MARSEILLE, France (Reuters) - Group of Seven finance chiefs pledged on Friday to make a coordinated response to a slowdown in the global economy but offered few specifics and differed in emphasis on Europe’s debt crisis.
The United States pressed Europe’s strongest economies to give “unequivocal” financial support to weaker euro zone states to overcome a debt crisis threatening world economic recovery, but Germany stressed the top priority of cutting deficits.
In joint “terms of reference” agreed after hours of talks in the French port city of Marseille, G7 finance ministers and central bankers signaled no shift in policy to try to revive flagging growth.
“We met at a time of new challenges to ... growth, fiscal deficits and sovereign debt... There are now clear signs of a slowdown in global growth. We are committed to a strong and coordinated response to these challenges,” they declared.
“Given the still fragile nature of the recovery, we must tread the difficult path of achieving fiscal adjustment plans while supporting economic activity, taking into account different national circumstances,” they said in an attempt to square reconcile austerity and growth.
But the thin statement, which a German government source said was issued at host France’s insistence to try to calm anxious markets, broke no new ground.
“We have to get away from the idea that there is only one solution for all.... It’s not rigor (austerity) versus growth,” French Finance Minister Francois Baroin told a news conference.
Yet there was a clear difference in tone between U.S. Treasury Secretary Timothy Geithner’s call for more generous aid for Europe’s debtors and German Finance Minister Wolfgang Schaeuble’s emphasis on cutting high deficits.
“I don’t think people were expecting a great deal and sure enough the G7 doesn’t appear to be delivering much in the way of concrete action,” said Brian dolan, chief strategist at Forex.Com in New Jersey.
A U.S. official said most of the meeting was devoted to the euro zone sovereign debt crisis.
“European officials fully understand the gravity of the situation there,” Geithner said. “The G7, alongside the International Monetary Fund, is committed to working with them to decisively address the crisis in Europe.”
The G7 statement voiced support for U.S. President Barack Obama’s $447 billion jobs plan and for Europe’s July 21 decision to beef up the powers of the euro zone’s EFSF bailout facility.
It said exchange rates should be determined by markets and pledged: “We will consult closely in regard to actions in exchange markets and would cooperate as appropriate.”
A shock announcement that the top German official at the European Central Bank is quitting in conflict with the bank’s policy of buying government bonds to support Italy and Spain laid bare deep rifts over how to manage the debt crisis.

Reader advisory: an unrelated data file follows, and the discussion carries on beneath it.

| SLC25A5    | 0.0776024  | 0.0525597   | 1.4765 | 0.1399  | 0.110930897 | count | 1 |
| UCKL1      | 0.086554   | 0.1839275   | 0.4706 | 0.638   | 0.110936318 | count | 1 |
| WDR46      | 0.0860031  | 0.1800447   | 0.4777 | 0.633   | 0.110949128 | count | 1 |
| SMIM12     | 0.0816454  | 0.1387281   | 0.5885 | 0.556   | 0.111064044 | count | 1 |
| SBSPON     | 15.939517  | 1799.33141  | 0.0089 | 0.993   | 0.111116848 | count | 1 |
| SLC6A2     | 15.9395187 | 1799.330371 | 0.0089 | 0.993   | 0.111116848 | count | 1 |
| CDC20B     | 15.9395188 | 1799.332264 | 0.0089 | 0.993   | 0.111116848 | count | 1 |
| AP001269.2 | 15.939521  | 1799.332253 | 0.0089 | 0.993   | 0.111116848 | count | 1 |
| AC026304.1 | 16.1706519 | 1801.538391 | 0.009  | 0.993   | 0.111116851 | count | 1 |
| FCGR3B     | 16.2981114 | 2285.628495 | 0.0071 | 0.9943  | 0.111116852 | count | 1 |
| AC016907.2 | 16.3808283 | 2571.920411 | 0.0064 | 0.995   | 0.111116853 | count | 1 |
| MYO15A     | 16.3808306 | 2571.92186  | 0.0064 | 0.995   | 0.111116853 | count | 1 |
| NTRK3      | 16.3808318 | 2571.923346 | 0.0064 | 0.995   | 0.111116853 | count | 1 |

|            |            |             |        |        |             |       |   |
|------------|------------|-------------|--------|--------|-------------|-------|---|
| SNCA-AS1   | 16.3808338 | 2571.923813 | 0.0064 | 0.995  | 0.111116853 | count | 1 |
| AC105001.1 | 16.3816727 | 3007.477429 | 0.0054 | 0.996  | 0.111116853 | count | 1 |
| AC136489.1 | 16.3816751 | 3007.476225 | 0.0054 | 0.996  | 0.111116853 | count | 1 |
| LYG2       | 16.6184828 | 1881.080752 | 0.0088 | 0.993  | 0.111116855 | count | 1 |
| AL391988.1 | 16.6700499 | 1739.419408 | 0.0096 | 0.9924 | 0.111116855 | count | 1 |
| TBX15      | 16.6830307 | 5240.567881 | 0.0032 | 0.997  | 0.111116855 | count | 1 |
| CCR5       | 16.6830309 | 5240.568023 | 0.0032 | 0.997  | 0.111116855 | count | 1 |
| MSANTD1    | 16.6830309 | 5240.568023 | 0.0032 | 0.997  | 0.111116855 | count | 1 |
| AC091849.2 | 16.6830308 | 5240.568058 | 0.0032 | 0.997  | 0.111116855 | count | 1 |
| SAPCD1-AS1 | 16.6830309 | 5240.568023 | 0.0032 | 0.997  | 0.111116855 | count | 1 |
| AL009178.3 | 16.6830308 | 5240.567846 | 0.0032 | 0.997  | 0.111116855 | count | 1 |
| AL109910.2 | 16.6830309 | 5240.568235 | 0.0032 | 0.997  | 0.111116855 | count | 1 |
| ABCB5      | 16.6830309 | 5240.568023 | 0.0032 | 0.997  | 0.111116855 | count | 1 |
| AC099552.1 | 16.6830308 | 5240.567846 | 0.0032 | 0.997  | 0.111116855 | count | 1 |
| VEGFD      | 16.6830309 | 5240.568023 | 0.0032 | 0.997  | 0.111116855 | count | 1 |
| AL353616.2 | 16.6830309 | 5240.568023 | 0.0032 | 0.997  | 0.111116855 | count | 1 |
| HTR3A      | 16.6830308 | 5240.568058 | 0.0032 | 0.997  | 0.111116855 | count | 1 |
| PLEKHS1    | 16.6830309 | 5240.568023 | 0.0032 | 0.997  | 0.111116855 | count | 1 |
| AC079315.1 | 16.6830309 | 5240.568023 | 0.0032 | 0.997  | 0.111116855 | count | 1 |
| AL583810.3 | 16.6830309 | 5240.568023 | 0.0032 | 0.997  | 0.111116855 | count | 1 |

The ECB confirmed chief economist Juergen Stark will retire nearly three years before his term is due to expire. His exit means Bank of Italy governor Mario Draghi will start his term at the ECB helm in November with a mountain to climb to restore its credibility in Germany, Europe’s biggest economy.
Mounting anxiety over Europe’s debt crisis and the fragility of its banks as well as concern over the U.S. economy and Washington’s political impasse over deficit reduction caused a big fall in world stock markets in recent weeks.
Differences between the economic problems facing the euro zone, Britain and the United States are complicating the task though, meaning one-size-fits-all solutions will not work.
IMF chief Christine Lagarde said in London before boarding a flight for Marseille that policymakers in advanced economies should use all available tools to boost growth and called for bold action to weather a “dangerous new phase” of recovery.
She also cautioned against too much fiscal consolidation in a climate of sputtering growth.
But the Marseille talks produced no agreement on coordinated monetary easing.
U.S. President Barack Obama’s new package of tax cuts and spending could lift U.S. growth by one to three percentage points in 2012 and add more than a million jobs if approved by Congress, which is far from assured.
In debt-ridden Europe, there is little scope for fiscal stimulus, and where there is some wiggle-room — in Germany and Britain — there is no political appetite for it.
With Asian economies deeply worried about the West’s debt crisis and slow growth, Japan voiced its concern and sought backing for its right to unilaterally intervene to counter safe-haven purchases pushing up the yen.
Finance Minister Jun Azumi said he believed Tokyo had gained understanding for its view.
Bank of Japan Governor Masaaki Shirakawa told reporters the debt problems in the United States and Europe were behind the rise in global economic uncertainty and must be tackled.
Lagarde said policymakers must act now, “and boldly”, giving her blessing to more quantitative easing by central banks and saying the challenge was to find a pace of adjustment that was neither too fast nor too slow.
She said countries facing market pressures must push ahead with urgent fiscal consolidation, while there was scope for slower action in countries not at the mercy of market forces.
“If growth continues to lose momentum, balance sheet problems will worsen, fiscal sustainability will be threatened, and the scope for policies to salvage the recovery will disappear,” she said.
Decisions by the European and British central banks this week to keep interest rates unchanged accentuated the gloom in Europe but neither indicated that a cut was imminent, while Federal Reserve Chairman Ben Bernanke gave no hint of new stimulus to boost the economy in a keenly awaited speech.
Additional reporting by Daniel Flynn and Claire Watson in Marseille, John Irish in Paris, Keith Weir in London, David Lawder in Washington and Leika Kihara in Tokyo; Writing by Mike Peacock and Paul Taylor